When UC Berkeley visiting scholar José Manuel Redondo Hidalgo was looking for housing in the Bay Area, he was blown away at the cost of living.
“I couldn’t believe how expensive it was,” Hidalgo says. “There was no way I could afford $1,300 for a room in a house, on top of other living expenses.”
But when he came across a posting for Berkeley Home Match on a campus housing listserv, he thought it could be the answer to his predicament.
Berkeley Home Match is a program that matches retired UC Berkeley faculty and staff who own homes with Berkeley graduate students, post-docs and visiting scholars who are looking for a place to live with rent that’s under the market rate. Run by the Berkeley Retirement Center — in partnership with Ashby Village, and with grants from the Chancellor’s Community Partnership Fund and the nonprofit, Covia — the pilot program is in its first year and has already made 11 successful matches.
“Our goals are to connect graduate students and retirees to affordable housing, support our retirees for planning to age in place, and then also to build and strengthen intergenerational relationships,” says Cary Sweeney, director of the Berkeley Retirement Center. “We live in one of the most expensive housing markets in the country. Berkeley Housing Match is a nimble solution for getting people housing quickly, and then also building closer ties to the community and to Berkeley.”
In Spain, Hidalgo had heard positive things about other students’ experiences with similar programs, so he decided to give it a try.
First, he was asked to write a short bio about himself — what he was looking for in a living situation, how much he was willing to pay in rent, if he had allergies, pets or restrictions that would potentially limit who he could live with. Homeowners are asked to do the same, including listing their max rental price. They also provide photos and a description of their homes, all of which are located within two miles of campus. Although the amount a student pays in rent varies depending on the match, the average is less than $1,000 per month.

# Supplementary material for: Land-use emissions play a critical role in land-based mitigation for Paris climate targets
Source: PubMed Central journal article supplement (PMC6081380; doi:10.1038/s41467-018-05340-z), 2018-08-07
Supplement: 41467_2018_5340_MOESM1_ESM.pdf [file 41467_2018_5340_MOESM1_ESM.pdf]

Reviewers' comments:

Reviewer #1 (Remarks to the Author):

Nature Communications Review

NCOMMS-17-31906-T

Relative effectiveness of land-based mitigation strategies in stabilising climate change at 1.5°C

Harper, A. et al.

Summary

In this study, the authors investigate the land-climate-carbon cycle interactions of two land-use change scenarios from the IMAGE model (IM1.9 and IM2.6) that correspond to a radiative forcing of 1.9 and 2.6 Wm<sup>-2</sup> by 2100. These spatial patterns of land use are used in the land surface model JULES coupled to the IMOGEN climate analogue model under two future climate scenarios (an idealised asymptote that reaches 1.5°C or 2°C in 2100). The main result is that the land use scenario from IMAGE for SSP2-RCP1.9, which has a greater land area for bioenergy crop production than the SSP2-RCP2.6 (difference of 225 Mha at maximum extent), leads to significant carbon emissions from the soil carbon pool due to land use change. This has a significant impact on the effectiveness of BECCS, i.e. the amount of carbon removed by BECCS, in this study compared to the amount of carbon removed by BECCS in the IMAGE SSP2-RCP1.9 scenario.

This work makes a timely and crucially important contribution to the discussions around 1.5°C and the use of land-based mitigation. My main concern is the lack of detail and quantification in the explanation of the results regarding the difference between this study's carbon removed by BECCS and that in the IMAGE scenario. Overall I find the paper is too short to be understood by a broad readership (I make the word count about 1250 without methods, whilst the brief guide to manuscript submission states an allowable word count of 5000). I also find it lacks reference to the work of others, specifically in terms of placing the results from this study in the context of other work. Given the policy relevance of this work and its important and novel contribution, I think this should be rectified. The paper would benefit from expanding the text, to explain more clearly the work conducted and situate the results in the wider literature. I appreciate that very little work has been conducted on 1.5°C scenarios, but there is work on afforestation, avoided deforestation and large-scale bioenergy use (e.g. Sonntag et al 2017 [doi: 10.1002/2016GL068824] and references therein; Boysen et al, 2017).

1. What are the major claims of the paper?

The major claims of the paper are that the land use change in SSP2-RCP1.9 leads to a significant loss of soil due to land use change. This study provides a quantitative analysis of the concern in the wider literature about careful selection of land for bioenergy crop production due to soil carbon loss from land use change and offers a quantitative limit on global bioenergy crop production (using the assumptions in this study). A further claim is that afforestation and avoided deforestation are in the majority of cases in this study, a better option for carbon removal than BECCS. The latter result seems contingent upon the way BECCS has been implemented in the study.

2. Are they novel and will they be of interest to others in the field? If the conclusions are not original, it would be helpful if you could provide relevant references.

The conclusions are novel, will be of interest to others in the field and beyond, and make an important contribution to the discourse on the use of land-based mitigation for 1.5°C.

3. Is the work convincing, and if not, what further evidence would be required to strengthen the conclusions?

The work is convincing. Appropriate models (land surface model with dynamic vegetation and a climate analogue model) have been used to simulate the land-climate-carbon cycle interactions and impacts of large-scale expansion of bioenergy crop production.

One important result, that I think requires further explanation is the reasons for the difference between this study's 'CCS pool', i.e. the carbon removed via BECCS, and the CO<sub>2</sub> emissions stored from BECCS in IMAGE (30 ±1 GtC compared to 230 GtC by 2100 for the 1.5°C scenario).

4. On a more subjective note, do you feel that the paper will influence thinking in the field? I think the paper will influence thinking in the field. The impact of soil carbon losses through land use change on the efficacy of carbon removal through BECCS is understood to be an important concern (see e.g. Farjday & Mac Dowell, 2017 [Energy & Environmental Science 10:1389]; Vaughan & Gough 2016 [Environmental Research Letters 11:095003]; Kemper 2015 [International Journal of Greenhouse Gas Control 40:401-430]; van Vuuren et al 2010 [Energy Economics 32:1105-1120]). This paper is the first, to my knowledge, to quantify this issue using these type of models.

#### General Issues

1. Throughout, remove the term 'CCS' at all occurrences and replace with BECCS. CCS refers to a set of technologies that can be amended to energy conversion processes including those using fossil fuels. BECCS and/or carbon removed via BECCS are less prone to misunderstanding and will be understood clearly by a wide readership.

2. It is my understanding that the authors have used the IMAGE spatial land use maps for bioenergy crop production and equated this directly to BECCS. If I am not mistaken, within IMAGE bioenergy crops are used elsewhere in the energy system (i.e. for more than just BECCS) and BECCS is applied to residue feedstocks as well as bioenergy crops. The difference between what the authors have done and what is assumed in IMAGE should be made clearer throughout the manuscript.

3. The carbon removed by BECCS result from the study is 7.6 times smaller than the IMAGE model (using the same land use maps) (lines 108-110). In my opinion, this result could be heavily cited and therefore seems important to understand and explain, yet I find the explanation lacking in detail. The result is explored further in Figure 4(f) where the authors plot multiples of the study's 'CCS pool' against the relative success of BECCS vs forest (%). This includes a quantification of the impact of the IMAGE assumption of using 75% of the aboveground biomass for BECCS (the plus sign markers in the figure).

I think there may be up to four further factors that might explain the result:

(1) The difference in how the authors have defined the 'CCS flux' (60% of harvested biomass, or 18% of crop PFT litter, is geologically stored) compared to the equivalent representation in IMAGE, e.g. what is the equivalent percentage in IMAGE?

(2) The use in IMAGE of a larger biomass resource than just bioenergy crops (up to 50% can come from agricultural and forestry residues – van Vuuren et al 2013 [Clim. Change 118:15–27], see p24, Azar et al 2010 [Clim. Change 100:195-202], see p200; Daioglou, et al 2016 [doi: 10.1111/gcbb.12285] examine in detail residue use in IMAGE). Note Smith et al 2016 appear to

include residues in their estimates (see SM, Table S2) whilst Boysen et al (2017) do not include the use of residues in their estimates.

After Hidalgo submitted his bio, Berkeley Home Match looked at the homeowner applications and identified a person who met the same criteria: Edith Carrigan, who worked as an accountant for various departments at Berkeley for about 20 years, in the 1960s and ‘70s.
“On the news, you hear about students who are sleeping in their cars, who don’t have money for food,” says Carrigan. “I know it’s kind of a desperate need. I always think about the community and I thought, this might be a way I could help.”
After Hidalgo and Carrigan spoke on the phone and had a video chat facilitated by Berkeley Home Match, the two clicked and could tell they would be compatible.
“From the very beginning, it felt like we were family,” says Hidalgo. “Now, we have dinner together most nights. We have seen plays and ballets in San Francisco. There’s no place I’d rather live.”
Although Hidalgo and Carrigan have developed a close friendship, companionship wasn’t a main reason that participants gave for becoming involved with the program, says Rachel Bell, the program manager. Some homeowners said they got involved to offset their carbon footprint or to become a mentor to a graduate student. Students mentioned the ease of living near campus as a perk. And consistently, both sides cited a desire to connect with the Berkeley community.
“Of course, one reason to participate is financial, either making extra income or paying reduced rent,” says Bell. “But right in line with that was the motivation to help one another.”
For Hidalgo, living with Carrigan and her husband, Victor Rivasplata, who has dementia, was the first time he had lived with older people — something that has given him a new perspective and experience that he finds valuable.
“Before I came to Berkeley, I could imagine what it was like to be older, but you really don’t understand what the challenges are until you live it,” says Hidalgo. “They introduced me to life in Berkeley. This experience has been very rewarding for everybody.”
Next year, program organizers aim to make 100 successful housing matches between UC Berkeley retirees and Berkeley students — something they hope will continue to strengthen the community for years to come.